Read the attached article: “Benjamin Colonial Museology in Algiers” and answer the following 10 questions in a couple of sentences:
1. What is the main idea of the article?
2. Where was/were the museum(s)?
3. When was it/were they founded, in what context? Who were the main players in shaping the vision of the museums(s)?
4. What was the goal of the museum(s)?
5. Who was the intended audience of the museum(s), and how is this seen within the museums(for example display, collection, exhibitions. ideals, etc)?
6. What other museums were referred to, either as collaborators, examples, or to make a distinction? What kind of relationship was created to the network of museums in the colonizing country?
7. What was in the collection, and how was it formed?
8. What happened to the museum(s) with independence?
9. Overall, what is the relationship between the museum(s) and colonialism?
10. What does the history of this museum/these museums teach us about museums overall?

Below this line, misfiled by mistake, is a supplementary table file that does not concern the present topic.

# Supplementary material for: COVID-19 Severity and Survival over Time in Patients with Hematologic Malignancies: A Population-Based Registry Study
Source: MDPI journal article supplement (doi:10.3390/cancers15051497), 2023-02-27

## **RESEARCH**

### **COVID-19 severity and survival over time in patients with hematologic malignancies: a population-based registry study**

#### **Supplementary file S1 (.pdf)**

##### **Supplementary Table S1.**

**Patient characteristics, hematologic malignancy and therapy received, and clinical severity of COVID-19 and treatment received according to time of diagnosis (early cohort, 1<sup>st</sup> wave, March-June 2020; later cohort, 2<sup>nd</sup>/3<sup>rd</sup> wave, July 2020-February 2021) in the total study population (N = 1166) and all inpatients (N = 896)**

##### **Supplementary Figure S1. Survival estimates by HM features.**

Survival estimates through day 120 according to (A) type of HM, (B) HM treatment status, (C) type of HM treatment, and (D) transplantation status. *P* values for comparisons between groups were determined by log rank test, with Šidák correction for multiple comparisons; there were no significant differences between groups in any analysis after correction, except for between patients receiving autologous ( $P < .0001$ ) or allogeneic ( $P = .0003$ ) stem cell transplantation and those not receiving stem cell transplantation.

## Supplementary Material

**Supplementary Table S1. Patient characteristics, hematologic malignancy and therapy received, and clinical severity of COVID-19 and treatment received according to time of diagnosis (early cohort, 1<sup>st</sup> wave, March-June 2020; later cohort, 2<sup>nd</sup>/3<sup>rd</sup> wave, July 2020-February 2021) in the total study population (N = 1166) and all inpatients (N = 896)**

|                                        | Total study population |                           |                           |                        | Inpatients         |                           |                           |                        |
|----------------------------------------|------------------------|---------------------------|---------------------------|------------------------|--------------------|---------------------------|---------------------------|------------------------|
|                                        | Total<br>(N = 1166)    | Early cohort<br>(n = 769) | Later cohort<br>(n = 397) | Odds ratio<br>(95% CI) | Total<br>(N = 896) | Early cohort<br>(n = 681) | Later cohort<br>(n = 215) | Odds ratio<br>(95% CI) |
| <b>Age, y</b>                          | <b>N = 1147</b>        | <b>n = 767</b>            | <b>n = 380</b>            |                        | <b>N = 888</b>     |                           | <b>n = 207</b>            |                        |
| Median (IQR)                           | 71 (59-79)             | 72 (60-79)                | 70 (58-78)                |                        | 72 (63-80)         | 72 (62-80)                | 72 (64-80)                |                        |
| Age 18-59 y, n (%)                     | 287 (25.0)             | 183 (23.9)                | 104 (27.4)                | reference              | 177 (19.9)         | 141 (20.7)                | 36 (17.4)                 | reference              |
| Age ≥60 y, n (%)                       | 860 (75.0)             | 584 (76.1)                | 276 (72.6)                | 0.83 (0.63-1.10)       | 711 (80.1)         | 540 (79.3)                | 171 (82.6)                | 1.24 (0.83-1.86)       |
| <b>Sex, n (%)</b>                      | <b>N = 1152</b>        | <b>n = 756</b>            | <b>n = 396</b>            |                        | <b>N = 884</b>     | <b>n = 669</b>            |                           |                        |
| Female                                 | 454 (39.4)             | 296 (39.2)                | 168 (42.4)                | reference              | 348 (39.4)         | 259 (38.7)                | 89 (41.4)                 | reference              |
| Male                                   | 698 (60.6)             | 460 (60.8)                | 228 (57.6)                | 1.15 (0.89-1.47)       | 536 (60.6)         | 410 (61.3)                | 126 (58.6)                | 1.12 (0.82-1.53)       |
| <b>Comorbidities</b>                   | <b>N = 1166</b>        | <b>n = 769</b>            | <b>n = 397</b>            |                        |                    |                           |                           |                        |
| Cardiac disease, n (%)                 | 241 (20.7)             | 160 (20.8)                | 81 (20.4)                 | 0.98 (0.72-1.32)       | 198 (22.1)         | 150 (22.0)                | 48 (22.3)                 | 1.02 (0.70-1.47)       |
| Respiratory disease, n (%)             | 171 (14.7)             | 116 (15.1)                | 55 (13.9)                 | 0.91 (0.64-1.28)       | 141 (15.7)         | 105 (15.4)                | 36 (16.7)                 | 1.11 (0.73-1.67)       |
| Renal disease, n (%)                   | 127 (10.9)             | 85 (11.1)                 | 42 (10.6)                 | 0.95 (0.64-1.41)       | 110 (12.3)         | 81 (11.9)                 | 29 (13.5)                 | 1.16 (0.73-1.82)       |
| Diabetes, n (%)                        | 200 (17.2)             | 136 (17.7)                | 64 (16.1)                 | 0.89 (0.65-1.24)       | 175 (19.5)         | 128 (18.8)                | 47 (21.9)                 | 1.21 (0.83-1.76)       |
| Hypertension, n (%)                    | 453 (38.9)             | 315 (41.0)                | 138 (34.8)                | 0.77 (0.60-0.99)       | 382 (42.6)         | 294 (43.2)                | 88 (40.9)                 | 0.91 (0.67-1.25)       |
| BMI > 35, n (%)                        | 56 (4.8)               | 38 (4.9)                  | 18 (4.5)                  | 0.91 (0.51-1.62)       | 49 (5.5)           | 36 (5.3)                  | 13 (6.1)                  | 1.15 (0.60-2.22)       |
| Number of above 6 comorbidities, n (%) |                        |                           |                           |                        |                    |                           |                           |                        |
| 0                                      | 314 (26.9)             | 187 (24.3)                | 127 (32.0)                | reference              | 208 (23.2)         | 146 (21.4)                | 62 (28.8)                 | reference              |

All through Greek dramatizations there is dependably a fundamental message of contradicting esteems. This message enables the group of onlookers to find out about human instinct, and life exercises. The play Medea, by Euripides, is no exemption to this general example in Greek shows. The play displays the contention between the contradicting esteems selling out and steadfastness through characters and their moving sensitivities. Euripides appears to esteem unwaveringness over double-crossing through his exhibitions of the threats of one who gives their feelings a chance to assume control reason in his catastrophe Medea. He demonstrates this through illustration of optional characters, a distinctive feeling, and clear logos. The play utilizes feeling, or passionate interest, to underline the significance of reliability. Medea, in the start of the play, was enduring, on the grounds that Jason did not have the dedication to remain with her, so the general population felt sensitivity towards her. Her passionate state was caused by how imperative dependability was to her, and now she is totally broken mentally, "Goodness I wish That lightning from paradise would part my head open" (6). That statement reflects how she is really feeling, sad. Inwardly, Medea raises the way that she double-crossed her nation, her dad, and murdered her own sibling to how sincerely associated she is with her faithfulness to Jason, "Gracious, my dad! Goodness, my nation! In what disrespect I cleared out you, slaughtering my own sibling for it" (6). From that statement, Medea does not utilize any expressions of requital, which has given her enough enthusiastic interest that the tune really trusts that she is the casualty of the circumstance. Logos, or intelligent interest, is utilized in the play to demonstrate that Medea's demonstrations of savagery were fixated more on reprisal as opposed to the success of her youngsters. Medea has had various chances to acquire a safe way of life for herself and her youngsters. Medea is looked with a chance to make her and her youngsters' life better from Jason, and she turns him down saying she doesn't need his pity, "I will never acknowledge favorsâ€¦ Nor take a thing from youâ€¦ There is no advantage in the blessings of a terrible man" (20). Jason was making a coherent contention, yet Medea gives her feelings a chance to cloud her judgment and declines Jason's putting forth, "Yet you deny what is useful for youâ€¦ You are certain to languish over it" (20). This is demonstrating that Medea is more centered around deceiving Jason than her youngsters' prosperity, since Jason had offered a sensible contention that would have profited her. On the off chance that she had acknowledged Jason's offer, her youngsters would have had some sort of help when they got into outcast. Moreover, if Jason had possessed the capacity to wed once more, her youngsters would have been thought about eminence and would have had a case for the honored position. Medea's insatiable long for requital in the end conveys her to butcher her youngsters. She slaughters them out of her own advantage not their own, in light of the fact that she is blinded by her own feelings, "I know undoubtedly what malicious I plan to do, But more grounded than every one of my bits of hindsight is my wrath, Fury that brings upon mortals the best disasters" (35). That statement uncovers her actual wants when she is in front of an audience alone. The consistent contention here originates from the theme whose position is that there is no reason adequate for her to butcher her own youngsters. The ensemble inevitably needed to ask the Gods for Medea to stop and have her reexamine intelligently about her choice to kill her kids, "O sublime light, hold her hand, Check her, and drive from out the house The grisly Fury raised by beasts of Hell" (41). That statement demonstrates that Medea has really gone distraught in that she has discarded every last bit of her feeling of thinking, and is centered altogether around getting revenge. Through logos, Euripides moves the groups of onlookers' sensitivities from Medea to the casualties of her designs. This demonstrates Loyalty is being underscored more, on account of Jason's putting forth of assistance, and the chorale's supplication to encourage the kids. Some would contend that Euripides puts forth a solid defense for the perils of selling out, and that there isn't a case for devotion. They may guarantee that Medea murdered her youngsters since she needed to sell out Jason. Another case would be that the ensemble sold out Medea since she would execute her youngsters. However, that contention comes up short when the group of onlookers takes a gander at the enthusiastic and consistent cases introduced by the melody and Jason. In spite of the contentions the Jason displayed were unfeeling and hostile to women's activist, truly they bolster the estimation of reliability. Jason trusts that Medea's agony was caused by her own hand, and that in the event that she had been faithful and less enthusiastic the entire pandemic could have been turned away. A precedent would be Medea's outcast, which was caused by her reviling the regal family, and hunger for retribution and disloyalty, "You called down evil reviles on the King's family" (20). Another precedent would be the demise of the princess, which was legitimized by the chorale whose still faithful to Medea, "Paradise, it appears on this day has secured numerous Evils on Jason, and Jason merited them" (40). Amid the whole play of Medea, Euripides is upholding reliability by showing the perils of wild selling out. Using clarification of optional characters, a distinctive sentiment, and clear logos Euripides shows the outcomes of one who gives their feelings a chance to meddle with their thinking. He can presents that by pursuing dependability, one would never their eyes on the way of requital.>GET ANSWER